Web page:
"The success in stemming community transmission here provides an opportunity for a carefully staged and safe re-entry of cruise ships to offer local cruising within Australia, carrying Australian residents only," says CLIA's Joel Katz.
Don't expect long, complicated international cruises any time soon, nor cruise ships returning to ports in places such as South America - a gateway to Antarctica - that proved unhelpful or hostile during the COVID crisis.
On the other hand, cruise lines may start offering more staycation-style "cruises to nowhere". German cruise companies TUI and Hapag-Lloyd trialled voyages with no port calls from Hamburg earlier this year with some success, and no-port Royal Caribbean cruises out of Singapore are seeing heavy demand.
STEP FIVE: PLAYING IT BY THE BOOK
Ponant is offering future one-to-one cruise credits to anyone who cancels Photo: Christophe Dugied
It would be far easier for customers if an industry-wide code was introduced, but that, due to the nature of the industry, is unlikely to happen. Instead, potential passengers are left with a confusing range of proposals and conditions.
Companies such as Seabourn and Ponant are offering future one-to-one cruise credits to anyone who cancels. Others such as Celebrity Cruises allow passengers to postpone their cruise to the same itinerary at a later date.
Yet others such as Crystal Cruises are taking bookings on a no-money-down basis, though deposits will still be required long before the cruise departs.
What's more, these policies and their booking dates are constantly changing as cruise lines try to anticipate future demand and sailing conditions. Too many are cluttered with small print, and few offer a return of actual money in the event of unforeseen COVID-19 conditions, with Aurora Expeditions a notable exception.
Still, the future cruise credits on offer have become more generous, and cancellation windows are now as close to departure as 48 hours on lines such as Azamara, Celebrity, Silversea and Oceania.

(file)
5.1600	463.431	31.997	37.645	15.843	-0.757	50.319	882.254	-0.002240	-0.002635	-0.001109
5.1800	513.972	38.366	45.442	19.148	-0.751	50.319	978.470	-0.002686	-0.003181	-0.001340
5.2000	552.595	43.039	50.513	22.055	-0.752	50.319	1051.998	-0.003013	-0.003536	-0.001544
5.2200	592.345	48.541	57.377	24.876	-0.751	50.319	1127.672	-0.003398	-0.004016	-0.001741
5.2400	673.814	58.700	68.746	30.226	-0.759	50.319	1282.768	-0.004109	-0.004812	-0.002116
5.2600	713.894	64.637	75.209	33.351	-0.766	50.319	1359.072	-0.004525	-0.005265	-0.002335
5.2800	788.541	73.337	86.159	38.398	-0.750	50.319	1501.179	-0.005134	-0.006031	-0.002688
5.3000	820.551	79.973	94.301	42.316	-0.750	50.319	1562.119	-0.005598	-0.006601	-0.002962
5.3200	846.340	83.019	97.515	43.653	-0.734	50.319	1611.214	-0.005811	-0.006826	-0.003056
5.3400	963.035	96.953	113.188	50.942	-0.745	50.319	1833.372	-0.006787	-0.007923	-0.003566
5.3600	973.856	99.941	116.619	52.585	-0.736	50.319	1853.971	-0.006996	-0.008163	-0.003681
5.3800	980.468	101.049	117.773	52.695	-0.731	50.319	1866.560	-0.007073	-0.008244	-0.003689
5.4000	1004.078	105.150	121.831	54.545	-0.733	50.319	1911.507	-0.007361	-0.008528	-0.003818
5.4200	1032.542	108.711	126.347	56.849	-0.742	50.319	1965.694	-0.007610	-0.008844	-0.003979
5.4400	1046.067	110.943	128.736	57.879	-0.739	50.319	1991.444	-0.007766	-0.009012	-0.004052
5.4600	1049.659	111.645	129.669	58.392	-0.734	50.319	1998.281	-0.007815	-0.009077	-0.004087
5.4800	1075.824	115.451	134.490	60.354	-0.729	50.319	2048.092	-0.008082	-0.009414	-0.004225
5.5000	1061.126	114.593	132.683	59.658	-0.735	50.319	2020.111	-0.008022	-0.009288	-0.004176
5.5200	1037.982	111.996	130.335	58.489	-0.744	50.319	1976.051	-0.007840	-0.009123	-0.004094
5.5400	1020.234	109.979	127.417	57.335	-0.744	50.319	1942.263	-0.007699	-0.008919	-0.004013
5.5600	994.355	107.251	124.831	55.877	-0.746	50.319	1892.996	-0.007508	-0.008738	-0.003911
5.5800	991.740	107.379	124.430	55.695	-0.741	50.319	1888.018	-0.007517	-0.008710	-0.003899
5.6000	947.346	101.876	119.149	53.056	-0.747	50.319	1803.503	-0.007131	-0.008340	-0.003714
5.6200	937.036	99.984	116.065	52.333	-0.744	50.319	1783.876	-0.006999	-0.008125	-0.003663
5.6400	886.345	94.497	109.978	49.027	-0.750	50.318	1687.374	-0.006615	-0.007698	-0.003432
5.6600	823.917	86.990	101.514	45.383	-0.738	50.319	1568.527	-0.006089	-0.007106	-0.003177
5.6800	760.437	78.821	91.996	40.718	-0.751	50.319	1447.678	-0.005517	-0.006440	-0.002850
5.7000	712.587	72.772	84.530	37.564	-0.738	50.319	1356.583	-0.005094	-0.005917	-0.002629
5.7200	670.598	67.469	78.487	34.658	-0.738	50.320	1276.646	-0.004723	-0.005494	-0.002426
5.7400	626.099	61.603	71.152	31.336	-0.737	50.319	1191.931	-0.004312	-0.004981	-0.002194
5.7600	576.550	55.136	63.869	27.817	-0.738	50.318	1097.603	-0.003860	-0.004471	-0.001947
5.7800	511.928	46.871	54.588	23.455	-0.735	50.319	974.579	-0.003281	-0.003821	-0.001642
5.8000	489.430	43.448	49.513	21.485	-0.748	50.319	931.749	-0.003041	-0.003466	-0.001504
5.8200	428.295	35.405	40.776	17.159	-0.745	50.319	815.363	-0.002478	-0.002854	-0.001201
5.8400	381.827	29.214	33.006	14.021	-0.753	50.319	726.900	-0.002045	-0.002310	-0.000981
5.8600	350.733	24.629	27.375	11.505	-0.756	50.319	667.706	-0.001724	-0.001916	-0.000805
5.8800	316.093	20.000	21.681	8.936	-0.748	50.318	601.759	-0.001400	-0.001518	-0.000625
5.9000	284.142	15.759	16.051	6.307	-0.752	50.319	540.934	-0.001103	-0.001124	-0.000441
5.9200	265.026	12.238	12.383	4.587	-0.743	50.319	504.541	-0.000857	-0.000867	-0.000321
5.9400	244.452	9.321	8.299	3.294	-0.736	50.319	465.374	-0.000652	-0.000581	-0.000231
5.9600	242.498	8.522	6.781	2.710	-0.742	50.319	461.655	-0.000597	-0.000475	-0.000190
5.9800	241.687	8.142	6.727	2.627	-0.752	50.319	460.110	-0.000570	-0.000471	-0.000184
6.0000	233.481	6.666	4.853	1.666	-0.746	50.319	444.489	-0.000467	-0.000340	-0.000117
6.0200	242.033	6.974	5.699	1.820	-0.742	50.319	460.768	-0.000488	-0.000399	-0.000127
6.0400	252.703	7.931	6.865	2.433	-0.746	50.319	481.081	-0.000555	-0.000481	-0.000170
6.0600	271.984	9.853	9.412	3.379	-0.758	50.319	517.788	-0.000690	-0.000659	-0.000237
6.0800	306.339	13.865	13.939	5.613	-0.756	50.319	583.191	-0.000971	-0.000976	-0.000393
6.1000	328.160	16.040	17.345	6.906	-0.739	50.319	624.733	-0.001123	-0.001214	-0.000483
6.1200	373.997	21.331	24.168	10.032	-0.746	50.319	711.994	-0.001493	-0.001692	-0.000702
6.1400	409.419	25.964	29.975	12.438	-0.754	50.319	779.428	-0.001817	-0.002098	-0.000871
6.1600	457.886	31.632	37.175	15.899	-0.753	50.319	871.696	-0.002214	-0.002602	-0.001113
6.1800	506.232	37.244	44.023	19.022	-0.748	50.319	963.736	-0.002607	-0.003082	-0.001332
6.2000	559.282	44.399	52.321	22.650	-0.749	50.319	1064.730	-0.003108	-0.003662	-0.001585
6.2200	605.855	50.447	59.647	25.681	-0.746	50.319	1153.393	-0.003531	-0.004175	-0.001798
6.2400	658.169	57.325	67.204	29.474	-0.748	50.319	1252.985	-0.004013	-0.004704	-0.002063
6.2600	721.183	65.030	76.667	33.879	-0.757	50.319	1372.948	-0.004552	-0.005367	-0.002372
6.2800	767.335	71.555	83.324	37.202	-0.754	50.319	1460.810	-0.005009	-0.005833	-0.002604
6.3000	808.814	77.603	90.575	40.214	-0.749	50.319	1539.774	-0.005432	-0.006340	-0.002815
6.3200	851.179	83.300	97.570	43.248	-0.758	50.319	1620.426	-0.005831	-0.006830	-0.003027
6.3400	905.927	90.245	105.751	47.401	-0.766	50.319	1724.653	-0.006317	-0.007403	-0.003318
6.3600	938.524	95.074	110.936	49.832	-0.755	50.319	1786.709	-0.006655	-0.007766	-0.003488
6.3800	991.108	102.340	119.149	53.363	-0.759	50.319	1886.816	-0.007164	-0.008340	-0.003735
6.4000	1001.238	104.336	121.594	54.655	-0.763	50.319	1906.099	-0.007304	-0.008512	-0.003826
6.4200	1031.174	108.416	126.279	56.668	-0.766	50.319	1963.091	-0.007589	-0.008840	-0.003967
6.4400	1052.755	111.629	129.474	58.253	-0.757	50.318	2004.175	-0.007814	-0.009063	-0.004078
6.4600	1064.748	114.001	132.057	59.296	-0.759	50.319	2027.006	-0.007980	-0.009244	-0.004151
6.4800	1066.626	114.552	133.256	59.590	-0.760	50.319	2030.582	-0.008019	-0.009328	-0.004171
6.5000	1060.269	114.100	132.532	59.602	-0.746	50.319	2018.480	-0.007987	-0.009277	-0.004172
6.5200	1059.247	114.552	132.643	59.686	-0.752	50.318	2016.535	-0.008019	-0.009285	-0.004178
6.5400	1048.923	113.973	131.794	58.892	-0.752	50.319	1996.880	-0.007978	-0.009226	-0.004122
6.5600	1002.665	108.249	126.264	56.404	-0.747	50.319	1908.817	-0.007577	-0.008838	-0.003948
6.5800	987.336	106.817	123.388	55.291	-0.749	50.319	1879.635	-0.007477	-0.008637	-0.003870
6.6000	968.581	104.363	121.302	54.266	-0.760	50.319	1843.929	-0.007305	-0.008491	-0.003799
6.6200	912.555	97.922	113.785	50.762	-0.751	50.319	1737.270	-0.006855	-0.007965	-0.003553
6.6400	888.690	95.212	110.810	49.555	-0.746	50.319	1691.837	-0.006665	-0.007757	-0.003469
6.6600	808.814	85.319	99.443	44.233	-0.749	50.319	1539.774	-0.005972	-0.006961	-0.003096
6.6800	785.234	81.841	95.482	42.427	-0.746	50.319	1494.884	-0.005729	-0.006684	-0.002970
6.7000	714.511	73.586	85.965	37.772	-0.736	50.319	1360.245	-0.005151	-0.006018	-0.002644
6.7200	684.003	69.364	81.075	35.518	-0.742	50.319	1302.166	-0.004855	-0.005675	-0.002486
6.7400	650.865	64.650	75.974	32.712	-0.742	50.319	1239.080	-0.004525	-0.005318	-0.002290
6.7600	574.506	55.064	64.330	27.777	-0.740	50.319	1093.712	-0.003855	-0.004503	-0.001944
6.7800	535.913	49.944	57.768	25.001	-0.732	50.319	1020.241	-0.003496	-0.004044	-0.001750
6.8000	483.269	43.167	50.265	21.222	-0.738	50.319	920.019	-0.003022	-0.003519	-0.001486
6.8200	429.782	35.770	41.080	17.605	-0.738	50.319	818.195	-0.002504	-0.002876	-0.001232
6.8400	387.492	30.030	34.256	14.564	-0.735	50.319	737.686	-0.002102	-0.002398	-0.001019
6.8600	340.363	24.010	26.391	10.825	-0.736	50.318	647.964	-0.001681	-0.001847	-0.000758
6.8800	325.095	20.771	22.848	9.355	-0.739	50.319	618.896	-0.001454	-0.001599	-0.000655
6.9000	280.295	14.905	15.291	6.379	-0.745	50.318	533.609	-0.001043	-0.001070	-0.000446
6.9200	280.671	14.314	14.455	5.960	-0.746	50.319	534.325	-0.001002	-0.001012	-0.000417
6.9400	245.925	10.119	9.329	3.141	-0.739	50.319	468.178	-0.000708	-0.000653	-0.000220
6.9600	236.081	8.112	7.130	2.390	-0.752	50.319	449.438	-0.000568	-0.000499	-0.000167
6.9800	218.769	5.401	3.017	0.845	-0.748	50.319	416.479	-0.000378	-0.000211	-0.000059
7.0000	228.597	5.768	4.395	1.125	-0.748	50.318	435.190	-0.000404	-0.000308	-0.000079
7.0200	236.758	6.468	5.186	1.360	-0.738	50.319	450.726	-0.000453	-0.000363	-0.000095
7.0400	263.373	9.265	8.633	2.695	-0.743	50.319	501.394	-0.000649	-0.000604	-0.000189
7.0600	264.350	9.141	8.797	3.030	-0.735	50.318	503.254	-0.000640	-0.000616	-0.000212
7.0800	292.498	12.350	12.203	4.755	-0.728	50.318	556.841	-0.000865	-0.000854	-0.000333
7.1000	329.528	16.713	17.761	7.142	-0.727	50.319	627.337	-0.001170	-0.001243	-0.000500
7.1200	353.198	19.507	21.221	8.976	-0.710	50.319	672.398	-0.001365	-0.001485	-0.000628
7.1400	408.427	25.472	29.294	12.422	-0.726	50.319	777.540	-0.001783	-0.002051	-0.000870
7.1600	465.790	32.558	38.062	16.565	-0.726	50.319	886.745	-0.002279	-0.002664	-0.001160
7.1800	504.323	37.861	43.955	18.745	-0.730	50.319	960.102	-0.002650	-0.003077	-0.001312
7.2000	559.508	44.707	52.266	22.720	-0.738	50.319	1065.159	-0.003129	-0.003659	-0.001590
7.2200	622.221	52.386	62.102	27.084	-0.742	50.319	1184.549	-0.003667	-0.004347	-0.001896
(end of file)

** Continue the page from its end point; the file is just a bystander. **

SEA FOR YOURSELF: HOW TO BAG A FUTURE CRUISE BARGAIN
OCEANIA'S COPENHAGEN TO OSLO
Book before December 31, 2020 for 50 per cent off deposits on this Baltic cruise that includes two nights in St Petersburg, departing June 17, 2022. The package offers pre-paid gratuities, complimentary shore excursions and complimentary beverage package or shipboard credit. See oceaniacruises.com
REGENT'S HOLIDAY DOWN UNDER
Book before November 30, 2020 on this 16-night Explorer cruise departing Sydney on December 20, 2021 and save up to 25 per cent. The excursion-inclusive cruise visits three Tasmanian and several classic New Zealand ports before finishing in Auckland. See rssc.com
VIKING'S ARCTIC ADVENTURE
Viking is set to launch two new expedition ships in 2022, Viking Octantis and Viking Polaris. Photo: Supplied
Book on a 13-day, mid-2022 journey return from Tromsø in Norway before November 30, 2020 and save up to $2000 a couple. The cruise on new expedition ship Viking Polaris visits the polar-bear-rich Svalbard Islands. See vikingcruises.com.au
CELEBRITY'S SOUTH PACIFIC CRUISE
Fares are currently reduced from $2504 a person to $1807 a person on this nine-night return cruise from Sydney, which departs on April 6, 2022 and visits Isle of Pines, Noumea and Lifou in New Caledonia, and Vanuatu's Mystery Island. See celebritycruises.com
SILVERSEA'S SINGAPORE TO HONG KONG
Reserve this 11-day Vietnam-focused itinerary (or any other voyage) before 14 December 2020 for $1500 reduced deposit and $1000 in shipboard credit, plus a further 10 per cent discount if you pay in full. See silversea.com
ROUGH SEAS: FIVE MORE CHALLENGES TO NAVIGATE
After a disastrous year, the cruise industry in Australia will still need to win back the full confidence of governments and the public and better emphasise cruise tourism's $5 billion contribution to the national economy including in regional areas.
The stark difference in treatment between crew and passengers during COVID-19 outbreaks highlighted the at-times poor consideration for cruise-ship workers by some lines.
One section of the cruise business has been so focused on upsizing that some ships now carry nearly 9000 passengers and crew. It's unlikely that the cruise public, and for that matter, governments will remain quite so enamoured of megaships.
This isn't just a case of ship size but of shore-excursion organisation and port scheduling – plus poor tourism management by certain port towns. It has to improve, especially in precious and fragile places like Venice.
FLAGS OF CONVENIENCE
COVID-19 has exposed the cruise industry registration of ships in often obscure tax-haven nations. These "flags of convenience" as they're known, are designed to circumvent taxes and labour laws.